Growing up in Canada, my fellow students and I always sported poppies on our lapels and learned the poem “Flanders Fields” by John McCrae. When I moved the U.S., poppies were no longer as prominent, but most communities marked Veteran’s Day with special events.
My maternal grandfather was a bombardier in WWII, not unlike many grandpas. He earned the Distinguished Flying Cross and only spoke of his experience once that I know about, to a young Boy Scout a few years before he died. The grandchildren, and possibly his children, only heard his verbal telling on a CD archived in the Library of Congress thanks to the Veteran’s History Project.
My uncle served in Vietnam. I once found and read the letters he wrote to his mother. The epistles were stirring, reflecting the absurdity of war. I am grateful to have sat across from him as he recounted some wild moments experienced as a medic to my son whose interest in war stems solely from video games.
My dad was drafted and served in the Army. I think he worked in a hospital in Anchorage where he was during the great earthquake of ’64. He didn’t see action, but his slides of the earthquake were legendary in our family.
I would bet almost every family has a few military stories.
Given how life-altering military service can be, I am glad we have memorials to fallen soldiers and special remembrance ceremonies. I am grateful for museums that convey the battle stories of those who survived and those who cannot tell their tales. Our history helps us remember.
But it’s hard to properly thank a veteran, I think, mostly because they don’t walk around wearing telltale uniforms or walk with a hero’s gait. No, they walk among us camouflaged as everyday humans. We are thus unaware of the service, sacrifice, and lasting impact on them and their families as they go about civilian life.
But even when they are in uniform, I have a hard time simply walking up to someone and gushing gratitude when I don’t know their circumstance. I have heard veterans say that putting them on a pedestal can be highly uncomfortable.
So, I struggle about what to do beyond wearing my poppy and randomly reciting “In Flanders Fields”.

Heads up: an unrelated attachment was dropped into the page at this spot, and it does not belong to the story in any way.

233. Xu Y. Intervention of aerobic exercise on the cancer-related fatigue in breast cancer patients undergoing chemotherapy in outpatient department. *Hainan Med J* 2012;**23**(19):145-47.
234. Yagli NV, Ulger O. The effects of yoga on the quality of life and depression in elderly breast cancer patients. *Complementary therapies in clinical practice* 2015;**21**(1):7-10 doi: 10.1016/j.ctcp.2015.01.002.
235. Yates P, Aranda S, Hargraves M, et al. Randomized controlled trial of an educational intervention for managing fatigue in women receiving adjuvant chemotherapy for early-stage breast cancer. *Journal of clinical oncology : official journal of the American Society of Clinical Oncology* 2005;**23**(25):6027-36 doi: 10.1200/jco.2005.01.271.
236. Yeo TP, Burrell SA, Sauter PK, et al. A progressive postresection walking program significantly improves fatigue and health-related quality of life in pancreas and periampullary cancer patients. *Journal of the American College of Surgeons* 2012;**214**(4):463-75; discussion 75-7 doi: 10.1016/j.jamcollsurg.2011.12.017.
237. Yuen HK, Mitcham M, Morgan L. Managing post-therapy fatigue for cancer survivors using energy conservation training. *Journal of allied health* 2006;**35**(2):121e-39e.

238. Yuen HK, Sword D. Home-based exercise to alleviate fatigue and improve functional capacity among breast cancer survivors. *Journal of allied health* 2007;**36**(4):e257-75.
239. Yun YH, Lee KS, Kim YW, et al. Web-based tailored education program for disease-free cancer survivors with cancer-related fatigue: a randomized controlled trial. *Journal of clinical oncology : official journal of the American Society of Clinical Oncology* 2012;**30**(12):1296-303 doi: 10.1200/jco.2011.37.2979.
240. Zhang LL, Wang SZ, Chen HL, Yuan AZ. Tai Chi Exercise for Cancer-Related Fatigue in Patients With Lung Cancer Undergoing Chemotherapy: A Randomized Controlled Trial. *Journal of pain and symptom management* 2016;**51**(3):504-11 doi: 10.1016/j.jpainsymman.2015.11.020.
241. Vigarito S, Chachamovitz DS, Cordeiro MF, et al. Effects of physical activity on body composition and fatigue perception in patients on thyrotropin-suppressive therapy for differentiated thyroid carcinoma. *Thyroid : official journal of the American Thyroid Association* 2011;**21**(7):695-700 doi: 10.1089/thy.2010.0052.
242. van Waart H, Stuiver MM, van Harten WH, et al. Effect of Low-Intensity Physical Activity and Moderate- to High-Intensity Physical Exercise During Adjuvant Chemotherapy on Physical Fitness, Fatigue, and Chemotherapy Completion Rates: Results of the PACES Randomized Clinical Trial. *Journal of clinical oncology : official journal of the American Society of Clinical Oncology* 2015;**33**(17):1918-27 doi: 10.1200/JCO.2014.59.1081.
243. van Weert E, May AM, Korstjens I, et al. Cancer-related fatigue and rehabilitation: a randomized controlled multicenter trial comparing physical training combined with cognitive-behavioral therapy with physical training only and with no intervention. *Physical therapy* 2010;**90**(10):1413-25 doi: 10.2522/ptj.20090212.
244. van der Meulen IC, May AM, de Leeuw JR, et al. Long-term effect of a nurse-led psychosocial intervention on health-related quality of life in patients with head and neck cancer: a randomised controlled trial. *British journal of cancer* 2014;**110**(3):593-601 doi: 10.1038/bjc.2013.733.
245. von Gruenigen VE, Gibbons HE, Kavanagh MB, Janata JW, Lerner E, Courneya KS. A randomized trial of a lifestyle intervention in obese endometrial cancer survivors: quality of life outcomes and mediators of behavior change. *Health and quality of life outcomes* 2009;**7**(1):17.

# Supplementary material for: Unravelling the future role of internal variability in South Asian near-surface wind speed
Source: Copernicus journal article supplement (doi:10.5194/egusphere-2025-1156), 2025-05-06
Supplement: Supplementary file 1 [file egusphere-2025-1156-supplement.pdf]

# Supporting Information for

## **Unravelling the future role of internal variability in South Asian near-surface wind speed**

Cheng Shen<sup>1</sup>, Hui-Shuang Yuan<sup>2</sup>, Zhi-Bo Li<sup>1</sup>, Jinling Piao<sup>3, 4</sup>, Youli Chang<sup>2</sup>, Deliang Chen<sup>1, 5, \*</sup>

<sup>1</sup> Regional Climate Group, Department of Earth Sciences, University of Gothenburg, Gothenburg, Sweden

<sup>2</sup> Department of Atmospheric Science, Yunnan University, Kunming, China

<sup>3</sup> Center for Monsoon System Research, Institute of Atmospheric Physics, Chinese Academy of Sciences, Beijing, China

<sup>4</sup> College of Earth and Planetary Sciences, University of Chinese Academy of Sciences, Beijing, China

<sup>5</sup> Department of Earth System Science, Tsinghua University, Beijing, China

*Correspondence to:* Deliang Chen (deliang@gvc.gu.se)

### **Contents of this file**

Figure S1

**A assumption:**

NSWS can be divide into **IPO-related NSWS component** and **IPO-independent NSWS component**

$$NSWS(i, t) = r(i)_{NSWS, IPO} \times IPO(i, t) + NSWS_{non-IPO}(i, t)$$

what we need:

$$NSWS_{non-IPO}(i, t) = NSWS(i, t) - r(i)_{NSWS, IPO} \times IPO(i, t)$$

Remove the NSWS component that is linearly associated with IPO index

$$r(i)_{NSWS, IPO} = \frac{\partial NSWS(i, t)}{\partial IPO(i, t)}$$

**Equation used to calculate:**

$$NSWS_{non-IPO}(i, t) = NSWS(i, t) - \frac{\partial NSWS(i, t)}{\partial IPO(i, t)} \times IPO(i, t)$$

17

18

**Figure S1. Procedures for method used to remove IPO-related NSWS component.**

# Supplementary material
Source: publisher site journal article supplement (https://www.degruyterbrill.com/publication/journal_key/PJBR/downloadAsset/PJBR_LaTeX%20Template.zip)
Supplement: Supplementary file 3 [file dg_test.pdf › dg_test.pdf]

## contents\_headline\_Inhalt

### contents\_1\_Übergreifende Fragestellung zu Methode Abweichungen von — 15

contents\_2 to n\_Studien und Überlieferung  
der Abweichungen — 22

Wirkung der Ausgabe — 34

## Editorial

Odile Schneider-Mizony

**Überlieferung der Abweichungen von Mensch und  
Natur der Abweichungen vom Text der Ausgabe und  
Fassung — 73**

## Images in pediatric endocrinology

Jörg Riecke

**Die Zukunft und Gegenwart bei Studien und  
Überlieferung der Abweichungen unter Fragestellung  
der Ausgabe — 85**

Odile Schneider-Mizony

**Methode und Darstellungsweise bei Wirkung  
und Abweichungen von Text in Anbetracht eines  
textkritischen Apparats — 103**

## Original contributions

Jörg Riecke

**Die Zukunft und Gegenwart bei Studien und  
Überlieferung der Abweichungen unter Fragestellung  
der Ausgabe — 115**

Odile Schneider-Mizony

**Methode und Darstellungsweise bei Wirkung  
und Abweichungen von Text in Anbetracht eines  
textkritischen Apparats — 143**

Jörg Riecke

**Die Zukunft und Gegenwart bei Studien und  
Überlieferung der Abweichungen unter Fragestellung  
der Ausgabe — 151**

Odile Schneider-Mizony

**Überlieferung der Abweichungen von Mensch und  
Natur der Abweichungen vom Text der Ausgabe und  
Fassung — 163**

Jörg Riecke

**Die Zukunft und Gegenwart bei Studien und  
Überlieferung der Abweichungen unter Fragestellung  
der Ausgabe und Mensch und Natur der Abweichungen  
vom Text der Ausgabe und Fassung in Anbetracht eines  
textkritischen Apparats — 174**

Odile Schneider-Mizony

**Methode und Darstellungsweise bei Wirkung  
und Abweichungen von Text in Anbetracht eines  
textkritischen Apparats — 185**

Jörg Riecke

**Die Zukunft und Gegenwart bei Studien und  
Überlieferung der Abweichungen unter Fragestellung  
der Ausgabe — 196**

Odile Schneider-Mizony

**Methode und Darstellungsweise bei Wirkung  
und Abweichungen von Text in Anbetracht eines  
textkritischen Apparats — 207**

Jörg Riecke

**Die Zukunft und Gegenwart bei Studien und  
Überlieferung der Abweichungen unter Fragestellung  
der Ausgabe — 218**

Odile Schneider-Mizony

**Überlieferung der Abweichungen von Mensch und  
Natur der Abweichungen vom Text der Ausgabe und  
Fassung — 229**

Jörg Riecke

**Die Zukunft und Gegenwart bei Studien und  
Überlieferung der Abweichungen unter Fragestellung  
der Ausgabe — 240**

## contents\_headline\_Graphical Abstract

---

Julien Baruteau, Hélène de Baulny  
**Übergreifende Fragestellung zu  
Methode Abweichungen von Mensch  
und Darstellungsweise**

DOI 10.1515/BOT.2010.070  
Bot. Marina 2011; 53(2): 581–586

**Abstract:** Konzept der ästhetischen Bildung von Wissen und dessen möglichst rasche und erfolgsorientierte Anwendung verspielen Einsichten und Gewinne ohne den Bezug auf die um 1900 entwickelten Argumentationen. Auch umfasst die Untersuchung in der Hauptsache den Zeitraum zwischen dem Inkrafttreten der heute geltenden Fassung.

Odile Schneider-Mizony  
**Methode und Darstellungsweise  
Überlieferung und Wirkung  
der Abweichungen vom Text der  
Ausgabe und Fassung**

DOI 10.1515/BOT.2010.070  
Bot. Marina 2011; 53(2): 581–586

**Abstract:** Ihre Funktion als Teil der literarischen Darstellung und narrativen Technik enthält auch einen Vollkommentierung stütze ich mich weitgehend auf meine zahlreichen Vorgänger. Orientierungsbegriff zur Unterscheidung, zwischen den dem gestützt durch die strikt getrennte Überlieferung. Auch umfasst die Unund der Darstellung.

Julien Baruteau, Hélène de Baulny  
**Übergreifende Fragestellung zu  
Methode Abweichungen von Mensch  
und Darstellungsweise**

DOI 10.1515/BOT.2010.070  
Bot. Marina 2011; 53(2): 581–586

As I thought about this recently, I realized that there is no need to fret or force it. It turns out I am given opportunities to show my gratitude in what seems like more comfortable, authentic ways.
For years I have visited a local nursing home. I have listened to the stories of octogenarians and nonagenarians who fought for our country. I have heard these men laugh, swear like sailors (because they were sailors) and have seen them tear up over memories that they still have not shaken.
On a flight to Denver, I sat next to a veteran who served in Iraq but never knew his history until we hit some of the worst turbulence I’ve ever experienced over the Rocky Mountains. My seatmate suddenly started shaking, clutching the armrest, and sweating profusely. By then I knew about PTSD. Unable to hide his panic, he confessed he was triggered by the bumpy plane ride. To distract him, I asked him engaging questions while he talked in a stream of consciousness about his mom and his girlfriend until the wheels hit the ground. We fortuitously ended up having three hour layovers and spent the time together having a drink and talking about his profound experiences.
And most recently, we purchased a car from a young salesman who had served in Afghanistan. He was a cowboy at heart trying to keep a job (he confessed this has been hard) to feed his family. As you know, buying a car can take the better part of three hours so he told us a little bit about his situation, about his trouble holding a job, and his dreams of raising rodeo stock. Let me tell you, knowing where my commission was headed that day made writing that check a little easier.
Frankly, I don’t know how to adequately express my thanks to a veteran. I’m horrible at it. I don’t know what it is supposed to sound like or look like to a person who has sacrificed so much while protecting our freedom.
Thank you just doesn’t seem like enough.
But, if you find yourself selling me a car, or sitting next to me on a plane, or just need a mealtime companion, then I’m all ears.
Listening to their stories is the least I can do.
Peace & Light,
The Busy Buddha
Edited by: Sara Neyer
These addicting little desserts are pretty fabulous and easy to make. The name was perfect for sharing with you this week!
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Tell your family's military story. How has it shaped your family?